Editors Confuse Books with Websites and Art

I mentioned in correspondence with an editor the other day that established (or establishment) publishers confuse websites with books. For that matter, they also confuse books with art, a title to which most books don't even pretend to aspire. At the risk of oversimplifying, the long, expensive book editorial process practiced by trade publishers is a legacy of offset printing, and nothing else. Editors believe that the process was introduced to produce a work of art, but publishing is a commercial venture, not a starving artist in an attic. The offset printing model is all about producing a large number of books at a low cost and then warehousing them until they can be sold. If errors in the editorial process result in a warehouse full of books that can't be sold, woe unto the ex-editor who slipped up.

Websites are inherently flexible. There is no incremental cost to changing a web page after it's been published, other than the time to make the change and click the mouse. Editors moving from the book world to the online world labor under the basic confusion that their job is to produce art online. Given the fact that even in their book publishing days, producing art was rarely part of the business plan, this internal contradiction is likely to produce a lot of neurosis. Ironically, the flexibility of online publishing means it has a greater chance of producing art in most cases than the traditional editorial process. Performance artists have always known that preparation and practice (analogous to the editorial and production processes) are no substitute for live performances. That's why so many plays and musicals start their journey in the sticks and work their way up to off-Broadway before landing a top theatre engagement. Film and music festivals exist in part as a live fire trial for new artwork and artists, since art can't exist without an audience. TV comedians want joke writers who work in stand-up because it's the only reliable way to find out if the jokes are really funny. For a small group of editors at a publishing house to believe that they can stand in for a general audience to guide the development of new work is at best a folly and at worst a vanity.

It's important for editors trying to transition from publishing on paper to publishing online to choose the right business model to emulate. For better or worse, that model is the software industry. Whether you're a veteran of or a refuge from the established trade industry, you'll do better to emulate Microsoft than McGraw-Hill, Oracle than O'Reilly, SAP than Simon and Schuster. The key to winning in the software marketplace has always been to get there the "Firstest with the mostest" and to deal with problems as they arise. In fact, the most shocking difference between the software publishing industry and the book publishing industry is that with software, the publishers often profit from their mistakes! Just take a look at the version number of whatever software you use around the office, and try to remember how many times you've paid for "improvements" over the years. Andy Warhol would have loved software.

Since most of the editors I've know in my life are actually very intelligent people, I don't think they are missing the boat because they haven't figured this out, they're missing the boat because they've been conditioned to be snobs.

"Oh, look at those mistakes. Nobody will ever see those on our website!"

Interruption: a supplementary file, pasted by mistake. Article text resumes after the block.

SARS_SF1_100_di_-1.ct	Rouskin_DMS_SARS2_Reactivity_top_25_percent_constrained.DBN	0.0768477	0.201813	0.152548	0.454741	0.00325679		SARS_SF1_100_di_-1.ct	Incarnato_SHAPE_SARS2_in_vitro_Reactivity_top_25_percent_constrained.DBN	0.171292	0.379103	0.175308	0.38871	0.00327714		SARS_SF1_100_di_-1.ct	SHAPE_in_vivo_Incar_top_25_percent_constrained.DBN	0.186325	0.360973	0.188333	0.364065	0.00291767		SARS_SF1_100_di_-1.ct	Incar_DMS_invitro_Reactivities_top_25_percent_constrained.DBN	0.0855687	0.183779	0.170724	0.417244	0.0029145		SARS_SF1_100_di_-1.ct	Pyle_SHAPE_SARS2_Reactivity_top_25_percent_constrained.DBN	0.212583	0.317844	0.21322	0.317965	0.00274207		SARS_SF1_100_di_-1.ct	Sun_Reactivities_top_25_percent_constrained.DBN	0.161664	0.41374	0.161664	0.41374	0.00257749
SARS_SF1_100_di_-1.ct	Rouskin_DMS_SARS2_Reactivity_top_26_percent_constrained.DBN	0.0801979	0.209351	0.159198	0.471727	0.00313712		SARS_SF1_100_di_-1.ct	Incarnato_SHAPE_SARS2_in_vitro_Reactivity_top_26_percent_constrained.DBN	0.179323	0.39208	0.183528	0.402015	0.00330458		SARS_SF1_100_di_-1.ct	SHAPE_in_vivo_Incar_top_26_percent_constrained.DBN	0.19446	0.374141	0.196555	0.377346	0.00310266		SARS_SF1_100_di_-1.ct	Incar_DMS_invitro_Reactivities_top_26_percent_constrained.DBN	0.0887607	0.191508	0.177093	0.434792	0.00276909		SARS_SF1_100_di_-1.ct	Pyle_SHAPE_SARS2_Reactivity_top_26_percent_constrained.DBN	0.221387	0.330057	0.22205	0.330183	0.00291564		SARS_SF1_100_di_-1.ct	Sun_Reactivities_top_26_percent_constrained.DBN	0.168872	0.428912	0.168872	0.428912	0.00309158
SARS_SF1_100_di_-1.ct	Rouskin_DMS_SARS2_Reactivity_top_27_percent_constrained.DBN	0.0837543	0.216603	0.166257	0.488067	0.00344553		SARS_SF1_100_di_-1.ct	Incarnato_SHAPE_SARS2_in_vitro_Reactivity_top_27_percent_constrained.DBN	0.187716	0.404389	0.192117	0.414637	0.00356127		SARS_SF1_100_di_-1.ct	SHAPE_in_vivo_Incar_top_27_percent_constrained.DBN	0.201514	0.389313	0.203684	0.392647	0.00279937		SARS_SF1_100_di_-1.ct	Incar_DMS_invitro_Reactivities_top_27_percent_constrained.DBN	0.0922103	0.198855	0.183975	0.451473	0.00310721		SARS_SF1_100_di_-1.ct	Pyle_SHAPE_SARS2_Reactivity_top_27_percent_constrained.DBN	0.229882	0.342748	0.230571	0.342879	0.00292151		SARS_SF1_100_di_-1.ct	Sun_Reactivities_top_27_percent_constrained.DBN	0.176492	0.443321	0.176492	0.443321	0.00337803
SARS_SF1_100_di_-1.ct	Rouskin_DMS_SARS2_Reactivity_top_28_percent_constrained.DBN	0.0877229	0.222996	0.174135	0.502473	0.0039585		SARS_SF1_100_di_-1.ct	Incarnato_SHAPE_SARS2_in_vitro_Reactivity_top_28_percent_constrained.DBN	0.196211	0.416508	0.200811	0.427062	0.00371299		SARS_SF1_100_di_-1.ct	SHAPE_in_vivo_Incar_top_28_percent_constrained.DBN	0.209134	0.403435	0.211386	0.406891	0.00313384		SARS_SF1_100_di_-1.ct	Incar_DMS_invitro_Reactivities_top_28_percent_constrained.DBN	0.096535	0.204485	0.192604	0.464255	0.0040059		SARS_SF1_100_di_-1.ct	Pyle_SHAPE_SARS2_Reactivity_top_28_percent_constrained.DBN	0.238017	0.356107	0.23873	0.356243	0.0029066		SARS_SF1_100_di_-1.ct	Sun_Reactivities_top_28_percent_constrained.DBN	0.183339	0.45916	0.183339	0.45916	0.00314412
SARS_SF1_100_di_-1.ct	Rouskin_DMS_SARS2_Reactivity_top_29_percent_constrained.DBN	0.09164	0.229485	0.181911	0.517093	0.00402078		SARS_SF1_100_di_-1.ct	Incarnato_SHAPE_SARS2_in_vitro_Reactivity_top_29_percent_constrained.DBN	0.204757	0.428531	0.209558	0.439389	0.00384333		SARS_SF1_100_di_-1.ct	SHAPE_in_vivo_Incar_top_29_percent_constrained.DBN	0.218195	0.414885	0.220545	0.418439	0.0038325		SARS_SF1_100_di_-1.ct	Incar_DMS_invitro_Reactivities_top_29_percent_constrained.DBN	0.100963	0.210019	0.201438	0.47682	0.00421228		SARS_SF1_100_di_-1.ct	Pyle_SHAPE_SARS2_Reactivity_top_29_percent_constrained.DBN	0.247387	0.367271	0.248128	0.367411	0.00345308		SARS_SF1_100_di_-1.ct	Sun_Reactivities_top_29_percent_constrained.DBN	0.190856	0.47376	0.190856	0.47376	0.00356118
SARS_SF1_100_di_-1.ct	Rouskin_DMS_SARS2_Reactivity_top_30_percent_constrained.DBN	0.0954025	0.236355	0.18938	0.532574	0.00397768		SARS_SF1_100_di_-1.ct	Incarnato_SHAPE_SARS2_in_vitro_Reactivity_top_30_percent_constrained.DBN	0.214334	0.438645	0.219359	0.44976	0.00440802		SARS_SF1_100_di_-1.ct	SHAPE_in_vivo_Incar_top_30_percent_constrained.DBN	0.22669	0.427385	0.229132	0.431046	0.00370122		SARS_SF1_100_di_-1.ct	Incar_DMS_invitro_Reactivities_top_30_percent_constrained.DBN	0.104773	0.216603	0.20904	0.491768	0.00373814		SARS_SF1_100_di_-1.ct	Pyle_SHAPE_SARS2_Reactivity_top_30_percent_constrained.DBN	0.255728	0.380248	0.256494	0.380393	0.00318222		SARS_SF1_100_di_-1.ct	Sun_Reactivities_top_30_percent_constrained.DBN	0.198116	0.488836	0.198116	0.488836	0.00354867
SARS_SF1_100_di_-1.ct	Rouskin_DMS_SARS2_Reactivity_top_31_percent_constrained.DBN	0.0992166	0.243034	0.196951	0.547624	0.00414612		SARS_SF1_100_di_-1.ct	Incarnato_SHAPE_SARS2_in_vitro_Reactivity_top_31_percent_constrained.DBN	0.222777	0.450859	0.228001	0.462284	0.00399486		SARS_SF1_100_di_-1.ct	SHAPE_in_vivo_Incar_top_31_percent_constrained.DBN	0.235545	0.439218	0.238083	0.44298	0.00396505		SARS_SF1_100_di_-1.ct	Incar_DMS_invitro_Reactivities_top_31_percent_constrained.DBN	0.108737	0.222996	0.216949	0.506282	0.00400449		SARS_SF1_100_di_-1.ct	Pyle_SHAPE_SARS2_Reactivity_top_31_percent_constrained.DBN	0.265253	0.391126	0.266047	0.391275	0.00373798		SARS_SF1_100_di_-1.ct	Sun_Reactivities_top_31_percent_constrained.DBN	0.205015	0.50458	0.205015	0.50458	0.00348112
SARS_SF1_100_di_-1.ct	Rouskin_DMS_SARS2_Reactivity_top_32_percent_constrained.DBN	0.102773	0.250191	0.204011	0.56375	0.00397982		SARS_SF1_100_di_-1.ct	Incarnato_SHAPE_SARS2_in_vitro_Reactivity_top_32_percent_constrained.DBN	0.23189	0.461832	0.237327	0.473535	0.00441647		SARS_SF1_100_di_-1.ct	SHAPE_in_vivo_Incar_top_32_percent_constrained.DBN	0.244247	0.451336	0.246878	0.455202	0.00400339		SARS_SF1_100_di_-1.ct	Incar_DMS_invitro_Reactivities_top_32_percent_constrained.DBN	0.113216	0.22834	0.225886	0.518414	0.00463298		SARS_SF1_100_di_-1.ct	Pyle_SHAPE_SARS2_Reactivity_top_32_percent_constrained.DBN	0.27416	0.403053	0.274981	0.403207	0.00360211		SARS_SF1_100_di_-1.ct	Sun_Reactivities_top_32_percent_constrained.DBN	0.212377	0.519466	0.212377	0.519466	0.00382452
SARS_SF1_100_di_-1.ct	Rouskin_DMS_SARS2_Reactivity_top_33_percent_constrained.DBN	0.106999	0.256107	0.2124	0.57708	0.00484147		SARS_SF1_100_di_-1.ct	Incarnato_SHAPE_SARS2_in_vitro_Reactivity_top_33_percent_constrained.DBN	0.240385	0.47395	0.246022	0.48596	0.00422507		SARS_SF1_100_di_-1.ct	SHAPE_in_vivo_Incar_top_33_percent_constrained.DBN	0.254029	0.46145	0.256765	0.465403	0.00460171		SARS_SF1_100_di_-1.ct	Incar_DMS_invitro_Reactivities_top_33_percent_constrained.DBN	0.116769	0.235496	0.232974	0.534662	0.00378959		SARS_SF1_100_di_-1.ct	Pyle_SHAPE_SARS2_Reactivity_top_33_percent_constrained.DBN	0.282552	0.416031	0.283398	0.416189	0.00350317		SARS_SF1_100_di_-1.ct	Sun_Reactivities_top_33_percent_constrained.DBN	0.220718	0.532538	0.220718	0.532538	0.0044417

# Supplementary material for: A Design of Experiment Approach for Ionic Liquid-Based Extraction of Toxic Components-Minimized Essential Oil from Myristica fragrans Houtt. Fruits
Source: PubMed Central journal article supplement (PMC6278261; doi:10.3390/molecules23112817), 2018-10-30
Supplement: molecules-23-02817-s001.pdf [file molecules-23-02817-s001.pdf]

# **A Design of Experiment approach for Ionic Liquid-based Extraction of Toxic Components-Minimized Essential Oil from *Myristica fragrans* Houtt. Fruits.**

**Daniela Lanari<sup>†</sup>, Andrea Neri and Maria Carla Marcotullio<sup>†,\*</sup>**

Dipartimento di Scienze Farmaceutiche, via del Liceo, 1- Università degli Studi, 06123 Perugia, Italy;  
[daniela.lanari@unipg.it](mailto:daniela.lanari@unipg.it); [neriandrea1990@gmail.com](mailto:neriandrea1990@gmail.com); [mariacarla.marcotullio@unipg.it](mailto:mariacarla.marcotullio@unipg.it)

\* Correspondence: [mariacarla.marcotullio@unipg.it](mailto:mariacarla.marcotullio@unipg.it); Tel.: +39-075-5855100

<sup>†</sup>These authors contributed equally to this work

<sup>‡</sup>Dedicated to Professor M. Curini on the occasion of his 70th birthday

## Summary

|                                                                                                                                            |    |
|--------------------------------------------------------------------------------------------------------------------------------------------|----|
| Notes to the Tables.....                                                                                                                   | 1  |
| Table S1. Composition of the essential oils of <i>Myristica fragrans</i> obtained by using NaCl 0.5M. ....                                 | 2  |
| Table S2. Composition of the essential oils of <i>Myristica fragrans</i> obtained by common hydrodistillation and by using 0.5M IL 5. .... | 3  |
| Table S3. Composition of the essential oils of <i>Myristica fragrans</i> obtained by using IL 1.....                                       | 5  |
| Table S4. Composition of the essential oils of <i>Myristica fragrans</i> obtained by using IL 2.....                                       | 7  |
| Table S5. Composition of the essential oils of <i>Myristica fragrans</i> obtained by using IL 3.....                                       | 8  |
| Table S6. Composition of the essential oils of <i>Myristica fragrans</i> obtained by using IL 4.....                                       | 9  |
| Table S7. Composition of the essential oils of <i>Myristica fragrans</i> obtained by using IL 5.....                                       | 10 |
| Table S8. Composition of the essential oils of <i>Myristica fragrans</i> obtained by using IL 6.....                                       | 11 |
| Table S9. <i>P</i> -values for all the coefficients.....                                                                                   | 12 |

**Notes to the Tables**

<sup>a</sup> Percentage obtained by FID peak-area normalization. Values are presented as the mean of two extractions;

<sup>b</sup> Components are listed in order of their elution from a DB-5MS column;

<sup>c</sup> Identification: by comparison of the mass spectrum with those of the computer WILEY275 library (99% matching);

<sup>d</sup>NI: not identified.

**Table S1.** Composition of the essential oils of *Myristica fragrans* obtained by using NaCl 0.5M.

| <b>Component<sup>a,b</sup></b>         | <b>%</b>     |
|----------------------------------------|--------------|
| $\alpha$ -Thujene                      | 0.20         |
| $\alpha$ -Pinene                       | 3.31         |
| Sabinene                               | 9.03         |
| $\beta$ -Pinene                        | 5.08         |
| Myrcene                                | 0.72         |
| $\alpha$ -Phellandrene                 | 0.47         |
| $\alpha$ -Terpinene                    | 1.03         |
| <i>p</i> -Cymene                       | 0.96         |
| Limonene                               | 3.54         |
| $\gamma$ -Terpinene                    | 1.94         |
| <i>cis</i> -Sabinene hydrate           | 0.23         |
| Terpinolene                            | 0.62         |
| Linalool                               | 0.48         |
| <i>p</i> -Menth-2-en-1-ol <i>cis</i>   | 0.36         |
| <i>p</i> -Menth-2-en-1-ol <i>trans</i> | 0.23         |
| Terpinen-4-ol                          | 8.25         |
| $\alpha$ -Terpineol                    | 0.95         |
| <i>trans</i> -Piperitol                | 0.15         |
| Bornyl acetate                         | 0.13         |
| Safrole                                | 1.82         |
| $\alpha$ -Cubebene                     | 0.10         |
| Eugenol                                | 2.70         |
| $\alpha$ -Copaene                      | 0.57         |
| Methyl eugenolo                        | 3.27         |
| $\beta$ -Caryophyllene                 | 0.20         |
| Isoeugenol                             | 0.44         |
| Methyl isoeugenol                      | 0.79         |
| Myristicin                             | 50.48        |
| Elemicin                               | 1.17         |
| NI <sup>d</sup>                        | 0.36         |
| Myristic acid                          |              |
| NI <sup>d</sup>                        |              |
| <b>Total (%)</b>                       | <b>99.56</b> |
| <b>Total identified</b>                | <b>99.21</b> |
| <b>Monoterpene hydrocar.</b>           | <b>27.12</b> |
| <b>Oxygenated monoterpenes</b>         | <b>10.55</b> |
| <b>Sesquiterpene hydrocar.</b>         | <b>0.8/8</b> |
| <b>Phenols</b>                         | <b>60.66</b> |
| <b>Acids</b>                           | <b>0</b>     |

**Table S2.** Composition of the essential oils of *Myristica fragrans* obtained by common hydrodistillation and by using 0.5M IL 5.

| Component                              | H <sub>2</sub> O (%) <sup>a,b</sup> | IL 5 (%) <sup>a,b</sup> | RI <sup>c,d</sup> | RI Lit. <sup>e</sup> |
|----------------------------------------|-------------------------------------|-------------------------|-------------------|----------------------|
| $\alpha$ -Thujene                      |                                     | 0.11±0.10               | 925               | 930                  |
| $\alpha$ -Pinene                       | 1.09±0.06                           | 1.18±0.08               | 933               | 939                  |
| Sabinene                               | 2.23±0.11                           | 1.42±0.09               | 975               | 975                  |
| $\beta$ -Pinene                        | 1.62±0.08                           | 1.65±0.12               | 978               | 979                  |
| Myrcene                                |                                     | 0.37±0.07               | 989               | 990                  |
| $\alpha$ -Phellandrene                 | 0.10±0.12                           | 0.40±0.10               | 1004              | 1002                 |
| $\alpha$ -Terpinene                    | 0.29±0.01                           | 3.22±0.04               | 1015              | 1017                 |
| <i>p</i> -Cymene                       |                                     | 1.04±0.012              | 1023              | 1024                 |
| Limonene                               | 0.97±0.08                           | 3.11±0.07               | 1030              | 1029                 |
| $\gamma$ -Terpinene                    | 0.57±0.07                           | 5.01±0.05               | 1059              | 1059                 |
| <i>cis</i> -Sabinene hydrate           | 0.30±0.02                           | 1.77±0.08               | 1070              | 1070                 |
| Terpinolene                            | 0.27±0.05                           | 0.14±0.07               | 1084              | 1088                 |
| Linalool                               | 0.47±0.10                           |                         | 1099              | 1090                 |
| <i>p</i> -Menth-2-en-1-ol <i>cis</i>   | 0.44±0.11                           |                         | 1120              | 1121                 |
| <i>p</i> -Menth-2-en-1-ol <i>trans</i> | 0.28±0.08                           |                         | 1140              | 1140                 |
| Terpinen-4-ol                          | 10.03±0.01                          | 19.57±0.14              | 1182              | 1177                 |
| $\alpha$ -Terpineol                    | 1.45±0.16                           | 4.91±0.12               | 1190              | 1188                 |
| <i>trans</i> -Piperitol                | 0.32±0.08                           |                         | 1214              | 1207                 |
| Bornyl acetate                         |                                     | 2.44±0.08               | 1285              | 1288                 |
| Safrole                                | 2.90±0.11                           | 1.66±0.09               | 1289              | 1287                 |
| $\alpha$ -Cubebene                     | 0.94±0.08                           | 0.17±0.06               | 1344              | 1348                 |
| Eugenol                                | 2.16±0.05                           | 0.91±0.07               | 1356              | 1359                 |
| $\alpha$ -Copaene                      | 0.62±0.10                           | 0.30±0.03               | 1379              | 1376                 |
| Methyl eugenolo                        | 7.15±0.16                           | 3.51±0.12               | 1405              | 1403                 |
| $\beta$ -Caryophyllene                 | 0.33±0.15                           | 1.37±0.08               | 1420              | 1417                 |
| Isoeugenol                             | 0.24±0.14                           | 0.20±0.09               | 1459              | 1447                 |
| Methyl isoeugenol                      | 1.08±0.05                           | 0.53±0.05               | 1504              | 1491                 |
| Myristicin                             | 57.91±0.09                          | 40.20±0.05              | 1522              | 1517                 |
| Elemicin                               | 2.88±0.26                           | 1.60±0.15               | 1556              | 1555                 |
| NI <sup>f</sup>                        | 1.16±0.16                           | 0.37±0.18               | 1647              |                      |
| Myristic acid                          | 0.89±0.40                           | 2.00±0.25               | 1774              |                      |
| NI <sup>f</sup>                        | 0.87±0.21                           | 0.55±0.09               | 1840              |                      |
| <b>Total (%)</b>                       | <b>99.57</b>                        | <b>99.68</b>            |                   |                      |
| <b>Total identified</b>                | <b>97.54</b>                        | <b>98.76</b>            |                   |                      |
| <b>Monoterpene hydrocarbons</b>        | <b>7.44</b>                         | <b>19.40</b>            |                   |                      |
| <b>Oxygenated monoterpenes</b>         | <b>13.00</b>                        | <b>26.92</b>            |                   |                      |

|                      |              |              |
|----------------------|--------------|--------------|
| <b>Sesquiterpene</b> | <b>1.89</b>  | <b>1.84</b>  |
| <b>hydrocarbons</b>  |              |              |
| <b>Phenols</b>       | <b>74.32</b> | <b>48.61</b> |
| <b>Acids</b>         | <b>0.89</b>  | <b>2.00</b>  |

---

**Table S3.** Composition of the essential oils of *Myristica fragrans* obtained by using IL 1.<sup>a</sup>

That's right, because nobody will ever visit your website.


Benjamin Lukoff said...

For the most part, I agree with you. However, commercial ventures and art aren't mutually exclusive. (The Beatles are a great example.) There's plenty of art that isn't produced by the starving. Yes, I would have to say that Alyssa Milano's "Safe at Home: Confessions of a Baseball Fanatic" isn't exactly art. But I'd argue that "The Complete Peanuts" is.

Yes, publishing is doomed if it doesn't take into account commercial realities, and if that means stripping away much of the process, all the better. More process does not necessarily produce better art. (See Jackson Pollock.) But I think many people got into the business precisely TO produce art.

Then again, if you're strictly speaking of the large trade publishers, maybe it really is all dollars and cents. I think keeping both the commercial and artistic perspectives in mind is the real way to go here.

Morris Rosenthal said...


Trade publishers (and self publishers) do produce plenty of art, it's just a very small percentage of their overall title count. What I was trying to get at here is that the publishing process for books doesn't translate well to the Internet.

Likewise, there is plenty of art on the Internet, but the model for Internet art is much closer to live performance art than to literary art.

It's not an either/or question if you happen to be supported by government subsidies or a trust fund, but publishers trying to grow their business online need to stop posing and start posting:-)


Arthur said...

Thanks, Morris, excellent point about the effects of offset on the publishing process. To nitpick: it's actually not a bad idea to copy O'Reilly, who themselves often follow the software model, especially in their Rough Cuts service (

Morris Rosenthal said...


It looks to me like O'Reilly is hiding their Rough Cuts behind a wall and selling early access. That's no way to build traffic or draw the maximum feedback.

There's no question that O'Reilly comes closer to getting it than many other publishers, but they still fall way short of what they should be doing. I specifically included them, and then picked a software company starting with an "O" as opposed to the other way around:-)